Denise Molina Capers ‘01
Attorney and first director of racial and social justice for the City of Somerville shares her story
“Your greatness is measured by how well you serve your community”
The focus of your career has been on supporting civil rights and equity, diversity and inclusion, and advocacy on so many important issues. In March of 2021, you were hired as the City of Somerville, Massachusetts’s first director of racial and social justice.
Tell us about this role and what you hope to accomplish within it.
It's an absolute honor, as it's the first position of its kind both on the East Coast and in the state of Massachusetts. There are other roles that work with diversity and inclusion, but this particular position is charged with eliminating institutional and structural racism within the
systems of the City of Somerville. A great task, and a collaborative one, because transformative change doesn't happen overnight, and it doesn't happen in isolation. It includes all the stakeholders that will be impacted by the decisions that we ultimately make.
The most important thing for me during these first days in my position is to listen to as many people as possible in the community, whether they are residents, workers, government officials, or police officers. I want to be aware of the history and story behind everything – and also hear every side of that story.
How did you become interested in this type of work and what does it mean to you?
I have a background in education, and I'm an attorney as well, so I decided to go into diversity practice because it was another way for me to serve my community and merge my love for education and helping others empower themselves.
This is actually my life’s work, because since I was little, I've noticed that our communities of color face a lot of inequities, disparities, and barriers. Involvement with a local community center first taught me about activism and advocacy, and as early as the age of seven, I would go to rallies with my parents, such as to prevent gentrification of our Williamsburg, Brooklyn neighborhood. My dad taught me to know my history, the struggles within it, and what it is I have to do to serve my community. And now, it is even more imperative for me because I have a son, and I want to leave this world a bit better for him.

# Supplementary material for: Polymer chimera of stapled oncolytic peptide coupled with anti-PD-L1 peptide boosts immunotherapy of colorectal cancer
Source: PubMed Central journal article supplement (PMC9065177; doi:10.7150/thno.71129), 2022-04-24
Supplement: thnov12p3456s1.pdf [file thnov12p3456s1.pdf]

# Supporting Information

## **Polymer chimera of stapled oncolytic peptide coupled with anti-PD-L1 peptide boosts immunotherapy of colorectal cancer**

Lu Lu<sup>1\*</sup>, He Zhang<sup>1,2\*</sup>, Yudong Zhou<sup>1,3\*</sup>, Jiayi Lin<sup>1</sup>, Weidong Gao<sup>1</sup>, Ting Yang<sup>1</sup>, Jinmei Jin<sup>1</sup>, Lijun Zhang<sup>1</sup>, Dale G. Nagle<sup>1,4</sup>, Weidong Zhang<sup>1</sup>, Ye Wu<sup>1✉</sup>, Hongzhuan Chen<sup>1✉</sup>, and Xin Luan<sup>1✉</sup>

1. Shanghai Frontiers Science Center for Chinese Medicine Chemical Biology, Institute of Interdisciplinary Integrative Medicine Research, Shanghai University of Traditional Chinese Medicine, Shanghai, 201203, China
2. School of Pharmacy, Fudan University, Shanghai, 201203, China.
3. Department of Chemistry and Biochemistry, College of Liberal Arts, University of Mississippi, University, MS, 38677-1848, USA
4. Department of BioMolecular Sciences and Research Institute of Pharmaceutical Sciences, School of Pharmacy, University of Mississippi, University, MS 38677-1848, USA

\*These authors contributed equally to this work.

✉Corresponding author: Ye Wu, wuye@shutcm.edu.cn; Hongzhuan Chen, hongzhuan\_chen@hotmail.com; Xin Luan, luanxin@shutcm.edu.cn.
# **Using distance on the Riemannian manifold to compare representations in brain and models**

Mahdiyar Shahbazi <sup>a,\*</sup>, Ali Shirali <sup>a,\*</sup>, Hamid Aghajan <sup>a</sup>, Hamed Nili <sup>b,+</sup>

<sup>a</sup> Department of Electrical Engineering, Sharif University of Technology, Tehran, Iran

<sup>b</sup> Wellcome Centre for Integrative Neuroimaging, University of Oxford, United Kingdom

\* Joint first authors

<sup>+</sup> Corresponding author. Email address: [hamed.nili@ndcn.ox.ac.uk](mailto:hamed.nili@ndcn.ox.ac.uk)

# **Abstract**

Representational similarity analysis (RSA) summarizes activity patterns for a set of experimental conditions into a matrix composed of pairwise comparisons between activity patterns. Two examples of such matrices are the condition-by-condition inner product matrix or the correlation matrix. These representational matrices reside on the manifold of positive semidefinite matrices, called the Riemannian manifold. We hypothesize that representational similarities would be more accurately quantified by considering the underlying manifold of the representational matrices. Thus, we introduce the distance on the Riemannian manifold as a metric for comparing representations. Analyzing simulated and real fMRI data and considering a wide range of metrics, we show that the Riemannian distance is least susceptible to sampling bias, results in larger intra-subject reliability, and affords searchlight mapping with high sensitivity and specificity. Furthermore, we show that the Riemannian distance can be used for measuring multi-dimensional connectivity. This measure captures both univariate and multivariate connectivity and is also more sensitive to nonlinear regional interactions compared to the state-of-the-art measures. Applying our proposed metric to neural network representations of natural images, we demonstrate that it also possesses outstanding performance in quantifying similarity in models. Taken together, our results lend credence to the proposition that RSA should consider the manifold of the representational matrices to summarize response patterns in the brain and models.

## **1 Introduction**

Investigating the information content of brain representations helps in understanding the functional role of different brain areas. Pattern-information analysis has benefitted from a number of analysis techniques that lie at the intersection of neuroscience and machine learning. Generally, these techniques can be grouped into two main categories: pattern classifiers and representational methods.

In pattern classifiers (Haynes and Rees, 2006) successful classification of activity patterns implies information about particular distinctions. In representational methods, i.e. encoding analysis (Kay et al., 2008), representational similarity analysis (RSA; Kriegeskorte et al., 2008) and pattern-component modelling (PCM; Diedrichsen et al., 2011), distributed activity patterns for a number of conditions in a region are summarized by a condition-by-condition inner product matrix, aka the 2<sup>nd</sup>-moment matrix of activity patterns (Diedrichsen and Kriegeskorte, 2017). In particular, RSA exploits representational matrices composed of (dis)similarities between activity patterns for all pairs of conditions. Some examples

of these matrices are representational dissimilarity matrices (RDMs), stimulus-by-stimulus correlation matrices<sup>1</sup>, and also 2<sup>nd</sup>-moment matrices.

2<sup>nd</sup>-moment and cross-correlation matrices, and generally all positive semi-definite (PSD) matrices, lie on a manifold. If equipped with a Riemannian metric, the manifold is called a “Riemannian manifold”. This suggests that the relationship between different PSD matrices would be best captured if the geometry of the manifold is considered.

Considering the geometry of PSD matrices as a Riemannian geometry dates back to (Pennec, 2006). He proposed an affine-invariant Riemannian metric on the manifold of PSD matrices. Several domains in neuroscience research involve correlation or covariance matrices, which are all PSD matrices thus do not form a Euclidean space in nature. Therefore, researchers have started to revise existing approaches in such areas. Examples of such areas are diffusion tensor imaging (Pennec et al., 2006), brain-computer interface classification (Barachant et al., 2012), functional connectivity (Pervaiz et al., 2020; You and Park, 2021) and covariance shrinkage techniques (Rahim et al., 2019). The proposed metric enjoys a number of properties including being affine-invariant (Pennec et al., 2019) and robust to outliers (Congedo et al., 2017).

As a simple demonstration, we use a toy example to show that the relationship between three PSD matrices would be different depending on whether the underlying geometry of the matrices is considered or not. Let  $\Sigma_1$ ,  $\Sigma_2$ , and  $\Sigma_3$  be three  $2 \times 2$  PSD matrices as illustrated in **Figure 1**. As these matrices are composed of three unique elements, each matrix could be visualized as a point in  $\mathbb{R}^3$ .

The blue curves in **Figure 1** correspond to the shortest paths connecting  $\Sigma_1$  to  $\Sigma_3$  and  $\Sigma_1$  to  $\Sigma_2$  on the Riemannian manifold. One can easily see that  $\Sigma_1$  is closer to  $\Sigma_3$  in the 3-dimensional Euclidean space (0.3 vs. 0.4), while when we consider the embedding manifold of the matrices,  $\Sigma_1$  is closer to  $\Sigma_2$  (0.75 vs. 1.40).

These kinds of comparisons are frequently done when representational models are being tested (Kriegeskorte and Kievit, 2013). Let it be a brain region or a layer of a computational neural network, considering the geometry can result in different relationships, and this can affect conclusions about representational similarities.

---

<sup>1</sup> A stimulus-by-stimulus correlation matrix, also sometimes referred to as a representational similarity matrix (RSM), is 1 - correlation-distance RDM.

What attracted you to Pace?
I applied to Pace as part of a dream. I felt that I needed a school that was going to challenge me and foster that passion I had for learning, so when they offered me the most scholarship money, it was an easy choice. And, I have to say that my experience was awesome. I forged friendships with my professors, and was really was able to be transparent in the sense that, I was a kid coming from Brooklyn, and I didn't have much money. When I wasn’t able to afford a computer needed for a class, they made it happen, and when campus living expenses exceeded my scholarships, I spoke to various deans, and they listened. I feel super blessed.
As a Dyson student, you majored in both journalism and political science, and later attended Massachusetts School of Law, becoming an attorney. What made you pursue these studies, and would you recommend a double major to students who are considering a law degree?
I felt that journalism would expose me to the world and to differences in cultures and ideologies, and political science would help me interpret, which is what ones does in law school. My focus was first, on what kind of attorney I wanted to be, and secondly, what major would help me develop the skills needed for that job. I did a double major because I was ambitious, but in retrospective, it would have been great to enroll in a combined bachelor’s and master’s degree program.
Who has been your inspiration?
My parents built me up to be a person who would not only realize the worth of working hard for something, but also of valuing community, identity, and fighting for the things that matter. Human rights, social justice, anti-racism, those were the things that they instilled in me, and I'm so very grateful. My father was aware of the importance of being in touch with my feelings, culture, and history, and encouraged journaling. My mom would talk to me about the sheer power of being a female, and not allowing people to look down on you. All of that was them building resiliency in me and pride as a Latina woman.
Do you have any advice for our current students?
The voice that I heard very clearly in my head was always my father's voice, which said that, when you wake up in the morning, make sure that you love what you're doing, and that you're serving your community. I believed what my father said to me that I'm going to be great, that I'm going to do something with my life, and that doing something with my life is not about me. It's about what I'm doing for my community. Your greatness is measured by how well you serve your community. Listen to those who tell you about your greatness.